“In day-to-day operations, organizations are susceptible to a variety of events that can create a crisis situation. Such crises can damage the reputation of the organization and can induce negative responses from angry stakeholders. Stakeholder responses can range from minor annoyance to active disruptions of organizational objectives through protests and boycotts, to challenging an organization’s legitimacy to exist. Thus, understanding crises, how organizations manage them, and the way stakeholders assess and respond to them is important for managers handling crisis events.
The messages communicated by an organization in crisis play a vital role in the alleviation of a crisis situation. More specifically, communication assists in reducing the damage incurred by the impacted organizations due to the crisis event. Therefore, understanding how individuals perceive and cognitively process crisis events and post-crisis messages is crucial to the crisis manager.”
In this activity, you will learn about a very simple but powerful model that will help you better understand how stakeholders react to crisis situations. This model will not only be useful for understanding stakeholder reactions during a crisis, but perhaps just as importantly, it can help you predict how stakeholders are likely to react to a given scenario. If you can predict how stakeholders are likely to react to a particular situation —particularly if that situation has some degree of likelihood — then spending time working through a few of these scenarios would help high stakes leaders in a number of ways: 1) They could begin to build generic response plans for certain types of situations; 2) They could identify gaps in crisis response capabilities; and 3) They could begin to prioritize the types of crises that would be most important to be prepared for.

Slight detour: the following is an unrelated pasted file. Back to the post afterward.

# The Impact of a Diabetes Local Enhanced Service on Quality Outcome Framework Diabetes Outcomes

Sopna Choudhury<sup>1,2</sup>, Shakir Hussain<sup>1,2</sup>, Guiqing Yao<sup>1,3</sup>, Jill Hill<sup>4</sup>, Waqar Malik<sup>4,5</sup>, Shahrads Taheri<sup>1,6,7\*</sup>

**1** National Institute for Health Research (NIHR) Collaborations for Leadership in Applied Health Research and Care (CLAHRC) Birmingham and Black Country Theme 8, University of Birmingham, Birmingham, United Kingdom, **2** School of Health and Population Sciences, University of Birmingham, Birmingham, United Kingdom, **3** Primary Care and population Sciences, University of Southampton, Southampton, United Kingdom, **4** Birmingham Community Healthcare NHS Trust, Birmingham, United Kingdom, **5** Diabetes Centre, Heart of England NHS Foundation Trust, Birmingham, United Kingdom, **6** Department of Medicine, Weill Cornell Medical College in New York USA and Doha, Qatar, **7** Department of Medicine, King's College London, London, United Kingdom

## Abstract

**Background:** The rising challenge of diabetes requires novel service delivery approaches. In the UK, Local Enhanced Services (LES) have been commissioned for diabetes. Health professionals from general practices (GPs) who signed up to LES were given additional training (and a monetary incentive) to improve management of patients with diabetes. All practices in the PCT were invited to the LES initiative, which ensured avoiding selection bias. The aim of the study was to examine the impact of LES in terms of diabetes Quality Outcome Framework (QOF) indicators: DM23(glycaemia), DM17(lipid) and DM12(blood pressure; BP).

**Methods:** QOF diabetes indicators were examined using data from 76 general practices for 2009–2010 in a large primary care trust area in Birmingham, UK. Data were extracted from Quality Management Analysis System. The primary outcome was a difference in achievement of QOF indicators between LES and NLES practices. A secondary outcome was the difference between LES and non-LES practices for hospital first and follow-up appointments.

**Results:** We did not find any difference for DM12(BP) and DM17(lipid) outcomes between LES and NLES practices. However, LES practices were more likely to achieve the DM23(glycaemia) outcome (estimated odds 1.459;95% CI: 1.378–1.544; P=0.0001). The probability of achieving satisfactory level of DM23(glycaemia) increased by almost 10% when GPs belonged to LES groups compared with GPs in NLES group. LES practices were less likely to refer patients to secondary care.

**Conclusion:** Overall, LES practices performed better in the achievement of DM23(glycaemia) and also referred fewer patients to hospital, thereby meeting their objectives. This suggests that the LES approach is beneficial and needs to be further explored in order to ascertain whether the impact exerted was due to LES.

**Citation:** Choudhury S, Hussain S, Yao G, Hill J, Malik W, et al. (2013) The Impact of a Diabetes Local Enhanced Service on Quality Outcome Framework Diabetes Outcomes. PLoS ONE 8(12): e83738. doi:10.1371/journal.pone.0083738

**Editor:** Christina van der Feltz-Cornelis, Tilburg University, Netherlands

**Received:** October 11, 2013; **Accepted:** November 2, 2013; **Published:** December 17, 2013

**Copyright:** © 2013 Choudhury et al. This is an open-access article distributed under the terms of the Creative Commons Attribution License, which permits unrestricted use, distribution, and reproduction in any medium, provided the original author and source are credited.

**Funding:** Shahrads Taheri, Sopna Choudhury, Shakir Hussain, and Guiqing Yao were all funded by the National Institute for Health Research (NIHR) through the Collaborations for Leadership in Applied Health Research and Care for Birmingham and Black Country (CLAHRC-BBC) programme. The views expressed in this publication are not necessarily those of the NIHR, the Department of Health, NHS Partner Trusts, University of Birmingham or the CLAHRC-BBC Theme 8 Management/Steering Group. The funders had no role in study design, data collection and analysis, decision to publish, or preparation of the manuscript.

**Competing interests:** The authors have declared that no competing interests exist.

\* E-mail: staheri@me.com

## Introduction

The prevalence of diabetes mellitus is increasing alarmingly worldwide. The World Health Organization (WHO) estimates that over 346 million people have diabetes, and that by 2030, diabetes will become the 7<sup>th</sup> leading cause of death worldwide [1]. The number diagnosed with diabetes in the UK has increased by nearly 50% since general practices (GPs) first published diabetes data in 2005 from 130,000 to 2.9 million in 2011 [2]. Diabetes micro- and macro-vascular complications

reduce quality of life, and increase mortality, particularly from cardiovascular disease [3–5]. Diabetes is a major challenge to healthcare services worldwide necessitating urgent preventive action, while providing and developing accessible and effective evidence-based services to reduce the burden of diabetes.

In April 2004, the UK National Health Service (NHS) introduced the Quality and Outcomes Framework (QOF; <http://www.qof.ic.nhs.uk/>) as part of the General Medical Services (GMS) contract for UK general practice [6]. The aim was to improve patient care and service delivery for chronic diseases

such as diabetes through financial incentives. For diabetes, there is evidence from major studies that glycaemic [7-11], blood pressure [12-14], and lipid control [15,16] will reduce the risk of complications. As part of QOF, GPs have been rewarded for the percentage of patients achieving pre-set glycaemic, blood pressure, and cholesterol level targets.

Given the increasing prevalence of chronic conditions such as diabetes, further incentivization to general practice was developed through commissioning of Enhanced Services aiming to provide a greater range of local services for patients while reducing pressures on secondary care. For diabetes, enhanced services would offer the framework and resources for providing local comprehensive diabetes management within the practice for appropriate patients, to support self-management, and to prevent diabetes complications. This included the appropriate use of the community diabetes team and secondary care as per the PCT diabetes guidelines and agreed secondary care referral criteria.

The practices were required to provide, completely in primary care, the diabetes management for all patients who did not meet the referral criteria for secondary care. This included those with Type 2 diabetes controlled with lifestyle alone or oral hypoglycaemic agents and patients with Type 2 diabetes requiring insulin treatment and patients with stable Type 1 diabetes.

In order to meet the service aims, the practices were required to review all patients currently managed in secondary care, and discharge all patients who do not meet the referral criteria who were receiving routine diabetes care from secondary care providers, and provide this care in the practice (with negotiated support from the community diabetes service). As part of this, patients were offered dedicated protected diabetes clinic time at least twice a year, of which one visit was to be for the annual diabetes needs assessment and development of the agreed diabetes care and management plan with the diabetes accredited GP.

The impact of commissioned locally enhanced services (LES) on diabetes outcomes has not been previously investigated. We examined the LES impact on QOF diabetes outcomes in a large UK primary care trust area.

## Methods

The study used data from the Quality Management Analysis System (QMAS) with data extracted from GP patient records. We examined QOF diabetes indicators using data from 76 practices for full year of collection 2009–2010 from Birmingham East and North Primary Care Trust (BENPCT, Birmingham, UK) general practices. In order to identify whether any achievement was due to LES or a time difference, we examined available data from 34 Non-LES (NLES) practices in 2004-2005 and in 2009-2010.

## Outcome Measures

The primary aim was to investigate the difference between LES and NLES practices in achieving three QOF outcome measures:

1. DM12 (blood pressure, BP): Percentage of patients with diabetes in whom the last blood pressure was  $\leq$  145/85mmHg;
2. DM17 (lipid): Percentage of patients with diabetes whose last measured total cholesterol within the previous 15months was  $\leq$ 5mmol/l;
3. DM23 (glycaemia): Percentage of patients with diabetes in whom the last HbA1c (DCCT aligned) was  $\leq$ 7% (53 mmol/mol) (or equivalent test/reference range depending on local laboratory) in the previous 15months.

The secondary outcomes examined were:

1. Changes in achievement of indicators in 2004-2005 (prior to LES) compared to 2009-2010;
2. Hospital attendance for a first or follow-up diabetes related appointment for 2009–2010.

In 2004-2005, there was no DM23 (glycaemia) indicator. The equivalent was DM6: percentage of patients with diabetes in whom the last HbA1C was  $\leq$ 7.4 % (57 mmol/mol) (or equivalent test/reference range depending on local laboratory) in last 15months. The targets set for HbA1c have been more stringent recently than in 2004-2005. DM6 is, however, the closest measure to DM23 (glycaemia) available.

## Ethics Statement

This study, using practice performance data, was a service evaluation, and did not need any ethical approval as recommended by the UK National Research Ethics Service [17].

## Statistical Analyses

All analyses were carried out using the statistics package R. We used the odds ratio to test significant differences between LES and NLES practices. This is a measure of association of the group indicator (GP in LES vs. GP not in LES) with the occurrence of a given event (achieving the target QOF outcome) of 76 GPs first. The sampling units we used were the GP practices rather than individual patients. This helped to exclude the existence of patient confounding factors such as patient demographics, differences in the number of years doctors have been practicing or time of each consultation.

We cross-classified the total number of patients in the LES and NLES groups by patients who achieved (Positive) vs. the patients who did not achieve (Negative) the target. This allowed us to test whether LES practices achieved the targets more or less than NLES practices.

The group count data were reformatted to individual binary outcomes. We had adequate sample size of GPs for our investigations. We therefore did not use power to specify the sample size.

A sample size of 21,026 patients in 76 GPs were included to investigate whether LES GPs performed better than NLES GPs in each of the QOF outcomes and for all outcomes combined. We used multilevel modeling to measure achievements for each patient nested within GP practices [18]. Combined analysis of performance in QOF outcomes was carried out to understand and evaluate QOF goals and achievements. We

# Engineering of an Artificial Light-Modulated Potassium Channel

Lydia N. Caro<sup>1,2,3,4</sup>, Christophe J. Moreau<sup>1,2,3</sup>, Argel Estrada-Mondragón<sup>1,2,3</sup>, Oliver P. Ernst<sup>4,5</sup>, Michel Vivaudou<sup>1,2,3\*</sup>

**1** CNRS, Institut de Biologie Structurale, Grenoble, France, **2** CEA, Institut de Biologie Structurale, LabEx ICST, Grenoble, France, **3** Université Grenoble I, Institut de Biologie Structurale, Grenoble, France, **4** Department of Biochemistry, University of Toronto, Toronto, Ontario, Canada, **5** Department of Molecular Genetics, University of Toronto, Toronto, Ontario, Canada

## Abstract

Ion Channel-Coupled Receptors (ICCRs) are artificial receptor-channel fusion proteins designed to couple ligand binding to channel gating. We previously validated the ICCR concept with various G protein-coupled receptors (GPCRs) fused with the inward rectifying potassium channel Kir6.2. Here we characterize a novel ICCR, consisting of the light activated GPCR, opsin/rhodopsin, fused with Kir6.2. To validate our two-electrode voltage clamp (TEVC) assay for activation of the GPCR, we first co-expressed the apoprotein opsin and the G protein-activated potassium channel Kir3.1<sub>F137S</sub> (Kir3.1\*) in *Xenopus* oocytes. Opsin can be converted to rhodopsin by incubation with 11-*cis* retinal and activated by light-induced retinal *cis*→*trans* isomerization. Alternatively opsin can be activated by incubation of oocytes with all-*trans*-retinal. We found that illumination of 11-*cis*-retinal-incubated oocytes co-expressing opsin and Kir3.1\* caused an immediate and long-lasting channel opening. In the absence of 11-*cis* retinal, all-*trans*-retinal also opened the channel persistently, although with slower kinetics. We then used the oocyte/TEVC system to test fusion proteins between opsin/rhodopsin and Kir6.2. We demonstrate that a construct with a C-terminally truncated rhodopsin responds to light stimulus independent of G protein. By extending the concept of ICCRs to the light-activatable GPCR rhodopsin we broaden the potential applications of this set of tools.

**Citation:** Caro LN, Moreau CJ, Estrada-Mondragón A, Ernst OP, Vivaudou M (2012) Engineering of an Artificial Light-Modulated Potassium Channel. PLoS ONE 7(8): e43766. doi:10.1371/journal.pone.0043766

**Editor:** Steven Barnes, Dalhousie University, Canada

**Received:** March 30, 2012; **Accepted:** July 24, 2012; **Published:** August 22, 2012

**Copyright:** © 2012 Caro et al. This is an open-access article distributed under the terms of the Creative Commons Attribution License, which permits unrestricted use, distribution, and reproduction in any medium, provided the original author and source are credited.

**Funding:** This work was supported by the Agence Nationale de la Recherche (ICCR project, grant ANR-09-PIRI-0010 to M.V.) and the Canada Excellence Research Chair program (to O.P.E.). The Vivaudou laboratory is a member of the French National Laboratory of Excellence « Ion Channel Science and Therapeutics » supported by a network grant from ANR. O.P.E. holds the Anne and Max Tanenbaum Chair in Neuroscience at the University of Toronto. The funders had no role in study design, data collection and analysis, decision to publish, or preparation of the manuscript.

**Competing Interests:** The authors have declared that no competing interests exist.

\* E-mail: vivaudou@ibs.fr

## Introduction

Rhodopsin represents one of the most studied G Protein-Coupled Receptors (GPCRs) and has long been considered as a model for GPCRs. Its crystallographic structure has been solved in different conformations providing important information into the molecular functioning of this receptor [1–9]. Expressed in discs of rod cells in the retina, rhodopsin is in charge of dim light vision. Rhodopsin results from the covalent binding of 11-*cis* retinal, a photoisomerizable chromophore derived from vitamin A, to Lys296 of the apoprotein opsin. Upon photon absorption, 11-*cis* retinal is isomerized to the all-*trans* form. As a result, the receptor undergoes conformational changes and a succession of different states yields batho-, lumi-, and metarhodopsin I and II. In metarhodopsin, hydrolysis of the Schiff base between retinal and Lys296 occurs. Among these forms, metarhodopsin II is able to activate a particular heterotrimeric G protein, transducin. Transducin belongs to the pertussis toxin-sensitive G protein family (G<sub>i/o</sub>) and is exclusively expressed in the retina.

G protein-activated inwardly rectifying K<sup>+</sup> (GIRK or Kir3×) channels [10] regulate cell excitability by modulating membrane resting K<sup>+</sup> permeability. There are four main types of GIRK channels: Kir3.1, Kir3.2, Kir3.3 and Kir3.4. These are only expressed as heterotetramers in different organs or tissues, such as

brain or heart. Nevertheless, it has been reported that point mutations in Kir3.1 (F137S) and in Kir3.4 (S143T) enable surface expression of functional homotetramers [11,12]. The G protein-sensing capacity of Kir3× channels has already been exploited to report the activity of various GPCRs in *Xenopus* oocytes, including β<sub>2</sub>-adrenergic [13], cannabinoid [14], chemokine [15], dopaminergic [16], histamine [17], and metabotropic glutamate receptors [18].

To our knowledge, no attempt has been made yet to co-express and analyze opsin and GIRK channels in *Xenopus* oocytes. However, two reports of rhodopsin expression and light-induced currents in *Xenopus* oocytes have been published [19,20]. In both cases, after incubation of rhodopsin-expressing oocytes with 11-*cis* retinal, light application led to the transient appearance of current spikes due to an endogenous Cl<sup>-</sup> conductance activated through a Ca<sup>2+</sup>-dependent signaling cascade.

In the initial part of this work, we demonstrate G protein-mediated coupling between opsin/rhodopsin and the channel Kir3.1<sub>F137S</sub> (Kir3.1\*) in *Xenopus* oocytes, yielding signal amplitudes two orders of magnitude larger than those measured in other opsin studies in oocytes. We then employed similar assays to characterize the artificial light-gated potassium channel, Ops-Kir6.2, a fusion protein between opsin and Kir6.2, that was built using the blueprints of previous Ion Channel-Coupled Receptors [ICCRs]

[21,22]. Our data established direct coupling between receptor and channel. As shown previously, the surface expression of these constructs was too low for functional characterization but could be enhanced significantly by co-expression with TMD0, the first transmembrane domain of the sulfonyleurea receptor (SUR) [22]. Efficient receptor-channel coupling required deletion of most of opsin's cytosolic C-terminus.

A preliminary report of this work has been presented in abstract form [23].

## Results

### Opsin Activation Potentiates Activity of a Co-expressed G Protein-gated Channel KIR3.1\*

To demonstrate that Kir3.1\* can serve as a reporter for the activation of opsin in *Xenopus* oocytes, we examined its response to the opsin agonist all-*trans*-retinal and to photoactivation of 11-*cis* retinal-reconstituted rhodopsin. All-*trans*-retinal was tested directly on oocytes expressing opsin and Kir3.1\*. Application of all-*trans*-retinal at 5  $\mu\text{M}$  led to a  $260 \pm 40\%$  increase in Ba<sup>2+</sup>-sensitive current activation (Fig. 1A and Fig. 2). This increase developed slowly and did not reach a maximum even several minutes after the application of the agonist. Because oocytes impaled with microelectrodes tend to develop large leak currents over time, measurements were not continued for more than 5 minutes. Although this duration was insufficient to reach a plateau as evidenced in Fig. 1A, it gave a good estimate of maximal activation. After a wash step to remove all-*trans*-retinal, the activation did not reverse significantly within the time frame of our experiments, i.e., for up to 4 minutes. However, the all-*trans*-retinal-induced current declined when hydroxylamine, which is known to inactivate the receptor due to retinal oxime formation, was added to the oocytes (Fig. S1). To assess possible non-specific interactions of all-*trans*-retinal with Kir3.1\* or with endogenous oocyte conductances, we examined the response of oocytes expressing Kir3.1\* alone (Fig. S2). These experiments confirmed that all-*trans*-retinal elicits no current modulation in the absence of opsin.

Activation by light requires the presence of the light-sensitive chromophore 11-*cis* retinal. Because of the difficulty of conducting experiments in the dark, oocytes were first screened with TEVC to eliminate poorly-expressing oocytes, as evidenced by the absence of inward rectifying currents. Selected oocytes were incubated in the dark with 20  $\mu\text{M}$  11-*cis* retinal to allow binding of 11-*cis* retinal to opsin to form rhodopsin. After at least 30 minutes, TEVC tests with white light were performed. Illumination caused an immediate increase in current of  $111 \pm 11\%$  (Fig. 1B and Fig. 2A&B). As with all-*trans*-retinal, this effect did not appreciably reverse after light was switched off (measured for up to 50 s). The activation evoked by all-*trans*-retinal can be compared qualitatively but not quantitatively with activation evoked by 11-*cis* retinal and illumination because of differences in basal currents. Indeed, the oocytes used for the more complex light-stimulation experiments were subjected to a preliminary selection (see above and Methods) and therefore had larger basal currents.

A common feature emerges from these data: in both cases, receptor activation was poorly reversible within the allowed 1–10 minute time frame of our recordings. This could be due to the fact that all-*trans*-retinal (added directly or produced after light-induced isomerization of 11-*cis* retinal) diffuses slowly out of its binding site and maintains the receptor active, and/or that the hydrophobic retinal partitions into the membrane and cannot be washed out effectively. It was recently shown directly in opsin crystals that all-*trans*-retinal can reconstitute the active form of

The model introduced by Fediuk, Coombs, and Botero is illustrated in Figure 1 below and, according to the authors, “presents a framework for understanding how stakeholders process crisis events.” While this framework was created primarily for what the authors call “transgression-based events or crises that are believed to be due to intentional organization misconduct”, it is useful for our purposes to view any sort of crisis that threatens a stakeholder’s value proposition as a case where that stakeholder is likely to, at least initially, consider the organization to be a primary contributor to the threat. Therefore, we will consider this model as being applicable to any type of crisis. This will allow it to contribute very effectively to our crisis planning efforts.
The model is divided into four parts: the trigger event; the knowledge and evaluation process of the event; the affective reactions generated by the crisis event; and the outcome components. This activity will provide a brief explanation of the four parts. In subsequent activities, each part will be explored in greater detail.
Fig 1. Exploring Crisis from a Receiver Perspective: Understanding Stakeholder Reactions During Crisis Events, Feduik, Coombs, & Botero, 2010. [Recreated]
At the onset of a crisis, something happens to threaten the value proposition stakeholders have with an organization. This ‘something’ will be referred to in this module as the trigger event. As the trigger event takes place, stakeholders are likely to view the situation as one in which the organization may no longer be able to live up to its commitment to provide value. In other words, when a crisis appears and value propositions are threatened, stakeholders will sense what the authors of this model call a potential violation of contract expectations. As the crisis plays out and value propositions are actually impacted in some negative way, the potential violation of expectations will begin to appear as an actual violation. This perception will lead stakeholders to sense that an “injustice has been committed against them”. Not surprisingly, they will react in some way to this injustice. According to the authors, this reaction will lead to an Evaluation Process, which is the second part of the model.